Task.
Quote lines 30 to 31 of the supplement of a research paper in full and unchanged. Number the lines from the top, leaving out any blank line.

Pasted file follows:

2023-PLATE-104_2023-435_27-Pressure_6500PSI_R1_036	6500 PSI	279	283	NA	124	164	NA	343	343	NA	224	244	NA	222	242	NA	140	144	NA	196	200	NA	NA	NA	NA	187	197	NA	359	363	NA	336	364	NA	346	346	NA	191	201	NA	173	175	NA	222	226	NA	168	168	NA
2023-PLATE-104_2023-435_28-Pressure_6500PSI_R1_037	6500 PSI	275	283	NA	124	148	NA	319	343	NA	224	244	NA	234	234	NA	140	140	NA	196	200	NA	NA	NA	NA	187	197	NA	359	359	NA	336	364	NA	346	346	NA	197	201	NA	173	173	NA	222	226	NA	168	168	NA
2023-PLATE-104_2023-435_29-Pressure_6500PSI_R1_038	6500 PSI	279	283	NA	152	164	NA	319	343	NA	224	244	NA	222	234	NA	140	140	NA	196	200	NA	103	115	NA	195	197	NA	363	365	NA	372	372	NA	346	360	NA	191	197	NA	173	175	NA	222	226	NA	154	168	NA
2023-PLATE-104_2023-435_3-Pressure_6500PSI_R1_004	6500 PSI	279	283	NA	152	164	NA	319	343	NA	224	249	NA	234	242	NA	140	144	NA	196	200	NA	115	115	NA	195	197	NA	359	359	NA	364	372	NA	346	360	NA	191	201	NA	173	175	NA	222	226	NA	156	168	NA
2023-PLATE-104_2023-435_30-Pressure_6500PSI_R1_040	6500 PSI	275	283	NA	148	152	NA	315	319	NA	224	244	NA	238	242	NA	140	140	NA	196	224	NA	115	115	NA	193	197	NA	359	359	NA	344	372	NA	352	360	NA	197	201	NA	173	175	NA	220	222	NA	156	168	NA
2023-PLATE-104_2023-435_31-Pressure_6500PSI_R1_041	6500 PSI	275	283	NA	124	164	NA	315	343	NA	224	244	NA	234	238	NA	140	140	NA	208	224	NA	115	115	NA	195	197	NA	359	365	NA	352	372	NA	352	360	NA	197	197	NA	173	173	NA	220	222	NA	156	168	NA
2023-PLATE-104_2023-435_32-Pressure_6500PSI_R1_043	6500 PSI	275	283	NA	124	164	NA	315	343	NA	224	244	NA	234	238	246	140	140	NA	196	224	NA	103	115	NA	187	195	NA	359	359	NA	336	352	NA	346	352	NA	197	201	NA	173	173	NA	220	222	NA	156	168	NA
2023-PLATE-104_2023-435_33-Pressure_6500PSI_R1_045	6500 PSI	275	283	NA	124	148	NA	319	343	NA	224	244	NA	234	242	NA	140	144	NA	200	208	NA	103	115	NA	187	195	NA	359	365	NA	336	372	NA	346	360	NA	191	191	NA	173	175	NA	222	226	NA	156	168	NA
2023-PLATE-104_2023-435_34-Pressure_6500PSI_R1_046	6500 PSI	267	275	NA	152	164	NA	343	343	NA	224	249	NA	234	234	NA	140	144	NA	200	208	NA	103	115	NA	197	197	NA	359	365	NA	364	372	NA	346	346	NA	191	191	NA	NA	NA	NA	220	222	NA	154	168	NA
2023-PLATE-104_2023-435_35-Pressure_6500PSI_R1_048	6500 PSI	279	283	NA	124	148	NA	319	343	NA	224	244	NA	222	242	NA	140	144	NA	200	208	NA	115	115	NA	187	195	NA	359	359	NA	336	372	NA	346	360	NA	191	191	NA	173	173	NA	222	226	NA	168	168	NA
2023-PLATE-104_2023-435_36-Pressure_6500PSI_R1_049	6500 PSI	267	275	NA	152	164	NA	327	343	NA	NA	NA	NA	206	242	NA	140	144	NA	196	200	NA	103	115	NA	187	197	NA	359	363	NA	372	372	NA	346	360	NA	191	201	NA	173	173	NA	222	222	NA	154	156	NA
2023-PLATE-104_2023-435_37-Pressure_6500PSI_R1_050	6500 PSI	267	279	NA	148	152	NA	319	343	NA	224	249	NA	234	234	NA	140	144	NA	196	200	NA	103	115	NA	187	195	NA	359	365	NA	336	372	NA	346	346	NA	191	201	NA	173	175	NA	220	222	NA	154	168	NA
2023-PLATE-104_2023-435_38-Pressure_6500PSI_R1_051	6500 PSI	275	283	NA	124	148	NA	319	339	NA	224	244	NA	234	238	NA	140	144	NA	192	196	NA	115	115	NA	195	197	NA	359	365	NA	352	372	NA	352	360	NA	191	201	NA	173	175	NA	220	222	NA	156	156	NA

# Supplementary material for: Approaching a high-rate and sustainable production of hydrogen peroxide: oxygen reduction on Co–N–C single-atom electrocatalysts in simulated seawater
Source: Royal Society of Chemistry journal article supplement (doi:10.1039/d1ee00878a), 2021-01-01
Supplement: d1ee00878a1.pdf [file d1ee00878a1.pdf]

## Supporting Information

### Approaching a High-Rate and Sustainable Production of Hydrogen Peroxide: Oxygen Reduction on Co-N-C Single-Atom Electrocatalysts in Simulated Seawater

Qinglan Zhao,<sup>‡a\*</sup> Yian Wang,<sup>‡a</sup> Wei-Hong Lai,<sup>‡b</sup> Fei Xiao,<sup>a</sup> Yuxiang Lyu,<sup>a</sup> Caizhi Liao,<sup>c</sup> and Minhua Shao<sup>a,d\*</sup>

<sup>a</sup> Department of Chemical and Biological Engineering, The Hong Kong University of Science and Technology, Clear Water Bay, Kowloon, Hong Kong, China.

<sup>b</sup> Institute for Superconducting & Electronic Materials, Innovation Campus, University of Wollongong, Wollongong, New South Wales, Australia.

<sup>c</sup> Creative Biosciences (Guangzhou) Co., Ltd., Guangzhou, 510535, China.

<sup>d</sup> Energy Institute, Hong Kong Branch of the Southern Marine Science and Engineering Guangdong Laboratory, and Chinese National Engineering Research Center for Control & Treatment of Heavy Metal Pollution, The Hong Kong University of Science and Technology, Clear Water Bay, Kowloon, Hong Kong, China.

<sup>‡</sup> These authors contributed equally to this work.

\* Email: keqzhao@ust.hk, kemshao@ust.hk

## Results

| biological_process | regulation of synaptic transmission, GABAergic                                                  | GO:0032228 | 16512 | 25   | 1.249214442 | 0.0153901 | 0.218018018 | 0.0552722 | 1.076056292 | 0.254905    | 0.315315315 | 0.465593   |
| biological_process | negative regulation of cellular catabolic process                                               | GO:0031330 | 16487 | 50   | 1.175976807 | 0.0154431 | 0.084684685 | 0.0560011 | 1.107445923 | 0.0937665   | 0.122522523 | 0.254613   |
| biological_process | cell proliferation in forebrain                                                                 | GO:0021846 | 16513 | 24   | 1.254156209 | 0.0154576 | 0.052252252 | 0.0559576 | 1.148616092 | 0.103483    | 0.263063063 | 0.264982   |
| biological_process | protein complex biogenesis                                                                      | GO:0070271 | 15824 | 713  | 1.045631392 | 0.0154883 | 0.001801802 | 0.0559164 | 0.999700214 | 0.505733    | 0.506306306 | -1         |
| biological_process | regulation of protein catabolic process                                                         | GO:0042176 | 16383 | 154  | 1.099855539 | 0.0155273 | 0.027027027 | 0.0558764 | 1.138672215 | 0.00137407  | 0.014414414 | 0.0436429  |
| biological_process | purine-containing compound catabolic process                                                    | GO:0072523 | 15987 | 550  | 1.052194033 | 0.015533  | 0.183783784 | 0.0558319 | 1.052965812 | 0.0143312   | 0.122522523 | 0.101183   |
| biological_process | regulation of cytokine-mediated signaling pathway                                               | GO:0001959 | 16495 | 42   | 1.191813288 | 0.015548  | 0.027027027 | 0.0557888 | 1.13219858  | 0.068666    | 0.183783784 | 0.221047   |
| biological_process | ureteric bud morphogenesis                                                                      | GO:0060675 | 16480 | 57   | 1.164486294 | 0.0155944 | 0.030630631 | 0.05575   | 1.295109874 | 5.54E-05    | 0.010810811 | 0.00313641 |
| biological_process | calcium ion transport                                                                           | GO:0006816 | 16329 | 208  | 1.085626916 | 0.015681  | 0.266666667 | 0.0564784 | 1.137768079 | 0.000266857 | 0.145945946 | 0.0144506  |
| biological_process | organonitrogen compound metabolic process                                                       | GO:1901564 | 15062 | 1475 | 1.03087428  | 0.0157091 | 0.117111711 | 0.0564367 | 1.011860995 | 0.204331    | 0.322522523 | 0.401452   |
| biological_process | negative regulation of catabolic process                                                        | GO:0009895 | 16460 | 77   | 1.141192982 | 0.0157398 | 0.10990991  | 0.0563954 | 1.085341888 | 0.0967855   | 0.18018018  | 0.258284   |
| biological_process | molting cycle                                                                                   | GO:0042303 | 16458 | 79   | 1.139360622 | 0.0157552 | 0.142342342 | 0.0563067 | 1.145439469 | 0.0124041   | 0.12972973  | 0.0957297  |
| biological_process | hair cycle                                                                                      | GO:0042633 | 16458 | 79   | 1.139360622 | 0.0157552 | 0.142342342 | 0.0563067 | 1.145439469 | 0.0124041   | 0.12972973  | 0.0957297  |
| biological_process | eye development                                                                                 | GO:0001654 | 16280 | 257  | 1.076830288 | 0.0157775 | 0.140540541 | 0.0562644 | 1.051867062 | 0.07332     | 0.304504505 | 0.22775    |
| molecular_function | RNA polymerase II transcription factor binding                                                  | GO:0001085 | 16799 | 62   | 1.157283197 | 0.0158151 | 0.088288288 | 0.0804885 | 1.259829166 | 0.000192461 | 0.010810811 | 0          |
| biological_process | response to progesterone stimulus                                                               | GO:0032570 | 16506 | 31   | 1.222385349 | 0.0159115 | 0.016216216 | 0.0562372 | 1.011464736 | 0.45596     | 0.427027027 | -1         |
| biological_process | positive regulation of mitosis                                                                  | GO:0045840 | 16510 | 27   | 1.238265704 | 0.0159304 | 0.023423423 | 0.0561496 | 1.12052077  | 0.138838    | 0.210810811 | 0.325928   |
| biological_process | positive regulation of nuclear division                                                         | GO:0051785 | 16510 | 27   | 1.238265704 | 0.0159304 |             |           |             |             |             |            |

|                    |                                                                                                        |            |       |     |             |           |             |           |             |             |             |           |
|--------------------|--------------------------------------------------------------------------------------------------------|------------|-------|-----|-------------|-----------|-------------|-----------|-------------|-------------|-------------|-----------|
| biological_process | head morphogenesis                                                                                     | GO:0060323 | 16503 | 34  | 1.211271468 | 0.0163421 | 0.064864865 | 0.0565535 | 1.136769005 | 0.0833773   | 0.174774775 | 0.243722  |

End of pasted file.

| biological_process | protein complex biogenesis                                                                      | GO:0070271 | 15824 | 713  | 1.045631392 | 0.0154883 | 0.001801802 | 0.0559164 | 0.999700214 | 0.505733    | 0.506306306 | -1         |
| biological_process | regulation of protein catabolic process                                                         | GO:0042176 | 16383 | 154  | 1.099855539 | 0.0155273 | 0.027027027 | 0.0558764 | 1.138672215 | 0.00137407  | 0.014414414 | 0.0436429  |